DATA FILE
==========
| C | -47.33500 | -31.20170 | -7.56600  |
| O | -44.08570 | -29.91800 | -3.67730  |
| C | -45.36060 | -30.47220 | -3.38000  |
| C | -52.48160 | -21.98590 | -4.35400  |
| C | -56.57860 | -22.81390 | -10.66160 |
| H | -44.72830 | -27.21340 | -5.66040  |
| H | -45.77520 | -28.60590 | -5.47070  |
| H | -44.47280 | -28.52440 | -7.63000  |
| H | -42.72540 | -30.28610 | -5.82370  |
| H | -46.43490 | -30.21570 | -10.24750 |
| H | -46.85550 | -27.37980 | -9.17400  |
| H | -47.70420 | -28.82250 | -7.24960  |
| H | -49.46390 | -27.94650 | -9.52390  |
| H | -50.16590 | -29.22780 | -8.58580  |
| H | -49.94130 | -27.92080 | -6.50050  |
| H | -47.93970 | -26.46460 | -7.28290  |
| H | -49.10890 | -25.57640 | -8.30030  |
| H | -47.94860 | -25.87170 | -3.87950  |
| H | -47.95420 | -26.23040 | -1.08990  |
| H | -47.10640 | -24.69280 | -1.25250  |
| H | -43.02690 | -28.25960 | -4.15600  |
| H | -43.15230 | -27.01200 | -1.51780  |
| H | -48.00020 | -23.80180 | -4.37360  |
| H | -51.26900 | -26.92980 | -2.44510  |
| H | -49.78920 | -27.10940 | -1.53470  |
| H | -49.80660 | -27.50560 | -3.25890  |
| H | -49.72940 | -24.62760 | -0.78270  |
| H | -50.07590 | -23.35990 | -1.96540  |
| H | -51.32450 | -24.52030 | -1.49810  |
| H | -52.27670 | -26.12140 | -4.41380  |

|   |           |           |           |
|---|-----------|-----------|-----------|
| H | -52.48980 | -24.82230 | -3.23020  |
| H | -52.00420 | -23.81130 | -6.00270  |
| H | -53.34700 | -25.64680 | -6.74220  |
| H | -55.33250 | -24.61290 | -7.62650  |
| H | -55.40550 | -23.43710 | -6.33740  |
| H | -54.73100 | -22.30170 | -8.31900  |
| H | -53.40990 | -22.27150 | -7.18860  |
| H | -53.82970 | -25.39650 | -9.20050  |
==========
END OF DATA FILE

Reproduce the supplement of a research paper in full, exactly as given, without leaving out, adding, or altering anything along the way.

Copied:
| C | -47.33500 | -31.20170 | -7.56600  |
| O | -44.08570 | -29.91800 | -3.67730  |
| C | -45.36060 | -30.47220 | -3.38000  |
| C | -52.48160 | -21.98590 | -4.35400  |
| C | -56.57860 | -22.81390 | -10.66160 |
| H | -44.72830 | -27.21340 | -5.66040  |
| H | -45.77520 | -28.60590 | -5.47070  |
| H | -44.47280 | -28.52440 | -7.63000  |
| H | -42.72540 | -30.28610 | -5.82370  |
| H | -46.43490 | -30.21570 | -10.24750 |
| H | -46.85550 | -27.37980 | -9.17400  |
| H | -47.70420 | -28.82250 | -7.24960  |
| H | -49.46390 | -27.94650 | -9.52390  |
| H | -50.16590 | -29.22780 | -8.58580  |
| H | -49.94130 | -27.92080 | -6.50050  |
| H | -47.93970 | -26.46460 | -7.28290  |
| H | -49.10890 | -25.57640 | -8.30030  |
| H | -47.94860 | -25.87170 | -3.87950  |
| H | -47.95420 | -26.23040 | -1.08990  |
| H | -47.10640 | -24.69280 | -1.25250  |
| H | -43.02690 | -28.25960 | -4.15600  |
| H | -43.15230 | -27.01200 | -1.51780  |
| H | -48.00020 | -23.80180 | -4.37360  |
| H | -51.26900 | -26.92980 | -2.44510  |
| H | -49.78920 | -27.10940 | -1.53470  |
| H | -49.80660 | -27.50560 | -3.25890  |
| H | -49.72940 | -24.62760 | -0.78270  |
| H | -50.07590 | -23.35990 | -1.96540  |
| H | -51.32450 | -24.52030 | -1.49810  |
| H | -52.27670 | -26.12140 | -4.41380  |

|   |           |           |           |
|---|-----------|-----------|-----------|
| H | -52.48980 | -24.82230 | -3.23020  |
| H | -52.00420 | -23.81130 | -6.00270  |
| H | -53.34700 | -25.64680 | -6.74220  |
| H | -55.33250 | -24.61290 | -7.62650  |
| H | -55.40550 | -23.43710 | -6.33740  |
| H | -54.73100 | -22.30170 | -8.31900  |
| H | -53.40990 | -22.27150 | -7.18860  |
| H | -53.82970 | -25.39650 | -9.20050  |